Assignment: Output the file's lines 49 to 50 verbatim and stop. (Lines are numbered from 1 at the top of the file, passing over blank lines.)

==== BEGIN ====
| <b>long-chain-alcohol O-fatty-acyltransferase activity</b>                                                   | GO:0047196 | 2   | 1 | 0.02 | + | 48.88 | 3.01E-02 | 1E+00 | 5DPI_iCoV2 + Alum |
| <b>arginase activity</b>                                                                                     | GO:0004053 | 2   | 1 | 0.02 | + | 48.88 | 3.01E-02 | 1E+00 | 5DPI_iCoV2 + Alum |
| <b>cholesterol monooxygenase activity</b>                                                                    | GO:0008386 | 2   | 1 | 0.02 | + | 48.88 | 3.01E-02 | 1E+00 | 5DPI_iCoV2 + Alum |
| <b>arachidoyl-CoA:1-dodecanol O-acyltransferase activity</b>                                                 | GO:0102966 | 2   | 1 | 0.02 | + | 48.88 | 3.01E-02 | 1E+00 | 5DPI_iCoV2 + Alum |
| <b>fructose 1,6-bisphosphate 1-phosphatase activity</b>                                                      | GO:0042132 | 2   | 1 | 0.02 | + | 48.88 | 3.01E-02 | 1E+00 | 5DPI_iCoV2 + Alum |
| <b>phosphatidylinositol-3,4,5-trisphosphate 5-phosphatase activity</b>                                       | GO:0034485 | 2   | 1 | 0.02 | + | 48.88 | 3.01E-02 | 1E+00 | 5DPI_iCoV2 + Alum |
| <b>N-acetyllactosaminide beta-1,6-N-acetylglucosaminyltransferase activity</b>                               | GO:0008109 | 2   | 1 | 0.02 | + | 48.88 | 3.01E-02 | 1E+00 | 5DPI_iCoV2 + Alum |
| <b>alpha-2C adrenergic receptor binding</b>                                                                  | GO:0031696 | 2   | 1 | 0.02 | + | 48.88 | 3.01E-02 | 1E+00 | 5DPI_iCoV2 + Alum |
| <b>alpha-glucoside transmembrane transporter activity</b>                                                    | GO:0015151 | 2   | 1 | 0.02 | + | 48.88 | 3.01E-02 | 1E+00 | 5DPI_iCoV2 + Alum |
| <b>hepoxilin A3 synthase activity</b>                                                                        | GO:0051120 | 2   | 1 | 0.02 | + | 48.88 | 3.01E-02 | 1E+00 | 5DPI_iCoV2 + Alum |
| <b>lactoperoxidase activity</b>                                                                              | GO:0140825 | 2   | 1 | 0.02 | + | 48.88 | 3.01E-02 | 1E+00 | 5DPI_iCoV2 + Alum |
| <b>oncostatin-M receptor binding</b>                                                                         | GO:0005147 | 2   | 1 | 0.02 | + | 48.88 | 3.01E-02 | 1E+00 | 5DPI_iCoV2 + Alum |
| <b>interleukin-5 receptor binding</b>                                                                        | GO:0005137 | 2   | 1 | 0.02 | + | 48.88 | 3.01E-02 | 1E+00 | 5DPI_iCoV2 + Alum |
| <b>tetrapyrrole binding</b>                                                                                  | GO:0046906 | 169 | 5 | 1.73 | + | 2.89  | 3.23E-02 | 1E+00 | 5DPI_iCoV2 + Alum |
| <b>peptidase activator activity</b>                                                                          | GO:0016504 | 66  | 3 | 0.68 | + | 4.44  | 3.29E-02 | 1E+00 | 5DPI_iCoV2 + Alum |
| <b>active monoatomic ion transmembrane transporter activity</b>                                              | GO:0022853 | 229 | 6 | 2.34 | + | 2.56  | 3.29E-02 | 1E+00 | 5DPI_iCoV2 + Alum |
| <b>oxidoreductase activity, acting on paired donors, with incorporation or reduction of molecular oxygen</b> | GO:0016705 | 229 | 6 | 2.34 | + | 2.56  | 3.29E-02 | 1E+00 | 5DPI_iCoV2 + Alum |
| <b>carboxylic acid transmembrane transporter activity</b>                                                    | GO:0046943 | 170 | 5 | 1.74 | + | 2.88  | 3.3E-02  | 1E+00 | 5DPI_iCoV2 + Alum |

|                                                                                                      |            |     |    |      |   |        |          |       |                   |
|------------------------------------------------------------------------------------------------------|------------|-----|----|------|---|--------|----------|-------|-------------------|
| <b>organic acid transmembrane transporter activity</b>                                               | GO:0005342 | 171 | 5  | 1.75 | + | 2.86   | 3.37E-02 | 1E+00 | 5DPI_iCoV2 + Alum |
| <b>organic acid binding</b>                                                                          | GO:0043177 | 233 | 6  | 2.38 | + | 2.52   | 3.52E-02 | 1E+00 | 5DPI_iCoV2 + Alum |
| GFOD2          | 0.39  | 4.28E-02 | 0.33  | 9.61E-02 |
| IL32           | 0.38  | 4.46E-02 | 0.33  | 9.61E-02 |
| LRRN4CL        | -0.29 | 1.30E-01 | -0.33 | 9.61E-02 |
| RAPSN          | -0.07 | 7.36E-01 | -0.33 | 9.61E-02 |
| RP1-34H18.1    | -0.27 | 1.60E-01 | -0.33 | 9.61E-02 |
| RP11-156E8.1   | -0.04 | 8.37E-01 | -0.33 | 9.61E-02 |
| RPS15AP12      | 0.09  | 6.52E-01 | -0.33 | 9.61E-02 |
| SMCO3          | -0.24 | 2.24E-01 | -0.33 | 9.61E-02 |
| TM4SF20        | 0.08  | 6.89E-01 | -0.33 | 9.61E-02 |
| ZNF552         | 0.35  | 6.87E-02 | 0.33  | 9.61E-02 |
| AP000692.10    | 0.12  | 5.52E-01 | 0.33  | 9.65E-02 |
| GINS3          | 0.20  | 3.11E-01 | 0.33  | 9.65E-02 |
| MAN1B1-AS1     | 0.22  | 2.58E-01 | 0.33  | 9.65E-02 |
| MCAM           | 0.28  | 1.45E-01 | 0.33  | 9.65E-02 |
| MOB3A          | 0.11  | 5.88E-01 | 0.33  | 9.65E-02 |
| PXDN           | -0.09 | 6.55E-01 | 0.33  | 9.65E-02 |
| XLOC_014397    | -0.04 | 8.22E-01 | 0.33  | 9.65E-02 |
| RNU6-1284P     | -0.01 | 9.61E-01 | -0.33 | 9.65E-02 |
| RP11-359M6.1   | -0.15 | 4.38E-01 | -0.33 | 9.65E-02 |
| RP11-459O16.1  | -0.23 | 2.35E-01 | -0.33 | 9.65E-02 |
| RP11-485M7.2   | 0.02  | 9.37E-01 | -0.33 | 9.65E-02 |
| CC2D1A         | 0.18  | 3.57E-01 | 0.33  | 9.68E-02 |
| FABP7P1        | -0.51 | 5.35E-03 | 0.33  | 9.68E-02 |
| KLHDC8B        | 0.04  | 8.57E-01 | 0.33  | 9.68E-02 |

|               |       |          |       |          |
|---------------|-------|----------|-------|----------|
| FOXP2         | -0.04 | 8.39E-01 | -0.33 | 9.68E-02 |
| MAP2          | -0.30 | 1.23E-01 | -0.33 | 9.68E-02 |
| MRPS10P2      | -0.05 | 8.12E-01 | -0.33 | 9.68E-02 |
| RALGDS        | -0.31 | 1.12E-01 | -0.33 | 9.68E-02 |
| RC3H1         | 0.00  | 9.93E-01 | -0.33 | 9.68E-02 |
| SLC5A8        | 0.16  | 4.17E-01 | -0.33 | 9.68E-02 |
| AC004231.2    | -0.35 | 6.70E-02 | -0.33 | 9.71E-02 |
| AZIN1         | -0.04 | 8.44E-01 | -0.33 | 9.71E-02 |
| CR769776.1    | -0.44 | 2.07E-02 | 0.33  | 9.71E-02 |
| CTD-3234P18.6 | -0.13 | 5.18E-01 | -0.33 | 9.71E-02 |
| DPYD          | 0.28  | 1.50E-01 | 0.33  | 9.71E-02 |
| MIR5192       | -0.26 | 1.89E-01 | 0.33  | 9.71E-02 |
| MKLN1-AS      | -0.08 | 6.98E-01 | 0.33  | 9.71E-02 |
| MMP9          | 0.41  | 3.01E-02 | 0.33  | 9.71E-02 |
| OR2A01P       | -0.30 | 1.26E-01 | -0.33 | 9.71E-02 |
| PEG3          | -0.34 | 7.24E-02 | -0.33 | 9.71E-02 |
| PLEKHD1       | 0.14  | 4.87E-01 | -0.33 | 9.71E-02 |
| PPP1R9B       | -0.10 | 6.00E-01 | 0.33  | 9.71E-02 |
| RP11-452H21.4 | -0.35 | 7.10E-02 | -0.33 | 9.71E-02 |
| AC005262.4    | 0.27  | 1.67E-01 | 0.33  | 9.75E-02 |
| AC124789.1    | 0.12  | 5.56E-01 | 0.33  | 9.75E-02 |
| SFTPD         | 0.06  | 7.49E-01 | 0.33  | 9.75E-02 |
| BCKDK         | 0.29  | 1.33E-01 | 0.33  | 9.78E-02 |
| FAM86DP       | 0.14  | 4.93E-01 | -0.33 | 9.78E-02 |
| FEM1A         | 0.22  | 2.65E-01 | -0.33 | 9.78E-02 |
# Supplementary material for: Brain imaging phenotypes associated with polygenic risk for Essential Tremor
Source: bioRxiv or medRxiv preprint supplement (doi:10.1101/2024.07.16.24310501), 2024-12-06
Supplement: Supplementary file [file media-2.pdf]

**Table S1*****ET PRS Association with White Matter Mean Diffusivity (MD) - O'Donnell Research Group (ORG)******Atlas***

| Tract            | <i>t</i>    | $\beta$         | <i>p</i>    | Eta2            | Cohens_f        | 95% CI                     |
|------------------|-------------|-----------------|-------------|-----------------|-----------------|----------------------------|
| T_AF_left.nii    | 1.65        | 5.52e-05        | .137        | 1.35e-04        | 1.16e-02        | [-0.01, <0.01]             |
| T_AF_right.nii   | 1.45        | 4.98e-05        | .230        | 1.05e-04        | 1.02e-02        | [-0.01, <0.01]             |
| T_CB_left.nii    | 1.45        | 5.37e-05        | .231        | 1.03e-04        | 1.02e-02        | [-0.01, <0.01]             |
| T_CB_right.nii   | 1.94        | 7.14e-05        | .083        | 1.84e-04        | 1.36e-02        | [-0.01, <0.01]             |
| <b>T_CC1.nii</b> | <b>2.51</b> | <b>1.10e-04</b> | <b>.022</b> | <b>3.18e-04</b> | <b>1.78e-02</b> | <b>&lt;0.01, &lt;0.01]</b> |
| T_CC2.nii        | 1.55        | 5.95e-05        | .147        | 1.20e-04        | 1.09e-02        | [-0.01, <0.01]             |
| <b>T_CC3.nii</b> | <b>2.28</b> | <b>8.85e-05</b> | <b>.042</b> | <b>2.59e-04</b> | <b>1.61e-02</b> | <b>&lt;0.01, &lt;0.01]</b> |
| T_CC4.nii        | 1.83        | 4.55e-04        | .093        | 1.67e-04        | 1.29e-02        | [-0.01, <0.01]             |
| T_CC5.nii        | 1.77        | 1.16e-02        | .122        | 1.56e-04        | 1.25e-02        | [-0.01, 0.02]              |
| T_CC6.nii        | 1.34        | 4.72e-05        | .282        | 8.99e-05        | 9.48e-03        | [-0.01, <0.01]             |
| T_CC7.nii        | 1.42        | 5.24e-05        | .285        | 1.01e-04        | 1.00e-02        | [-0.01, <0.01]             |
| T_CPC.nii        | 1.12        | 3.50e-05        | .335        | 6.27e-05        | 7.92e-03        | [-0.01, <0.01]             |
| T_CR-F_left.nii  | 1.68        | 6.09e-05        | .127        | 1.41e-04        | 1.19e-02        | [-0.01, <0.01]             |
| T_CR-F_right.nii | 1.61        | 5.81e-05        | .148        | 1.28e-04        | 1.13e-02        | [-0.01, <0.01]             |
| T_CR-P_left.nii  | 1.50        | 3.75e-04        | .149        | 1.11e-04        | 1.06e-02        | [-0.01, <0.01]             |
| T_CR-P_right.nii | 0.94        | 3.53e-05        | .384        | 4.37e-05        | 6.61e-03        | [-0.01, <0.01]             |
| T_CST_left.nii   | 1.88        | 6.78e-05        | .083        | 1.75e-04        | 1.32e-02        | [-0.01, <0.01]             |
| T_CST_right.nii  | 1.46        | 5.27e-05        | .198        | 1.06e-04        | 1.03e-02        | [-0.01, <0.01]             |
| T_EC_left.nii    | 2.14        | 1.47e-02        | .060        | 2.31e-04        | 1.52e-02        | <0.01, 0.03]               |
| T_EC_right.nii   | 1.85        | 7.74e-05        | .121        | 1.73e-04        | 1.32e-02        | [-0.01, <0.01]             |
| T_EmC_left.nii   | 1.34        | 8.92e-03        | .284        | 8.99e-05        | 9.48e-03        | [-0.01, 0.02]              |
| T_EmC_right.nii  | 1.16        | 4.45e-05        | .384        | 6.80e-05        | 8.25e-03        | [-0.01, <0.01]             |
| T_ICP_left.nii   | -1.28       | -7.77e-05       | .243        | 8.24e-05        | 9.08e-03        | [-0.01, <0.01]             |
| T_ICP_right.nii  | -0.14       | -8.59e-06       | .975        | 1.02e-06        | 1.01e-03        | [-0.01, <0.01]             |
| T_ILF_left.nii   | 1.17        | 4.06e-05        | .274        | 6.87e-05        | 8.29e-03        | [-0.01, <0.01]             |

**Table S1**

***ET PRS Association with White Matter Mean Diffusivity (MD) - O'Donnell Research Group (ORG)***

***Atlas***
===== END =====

| FOXP2         | -0.04 | 8.39E-01 | -0.33 | 9.68E-02 |
| MAP2          | -0.30 | 1.23E-01 | -0.33 | 9.68E-02 |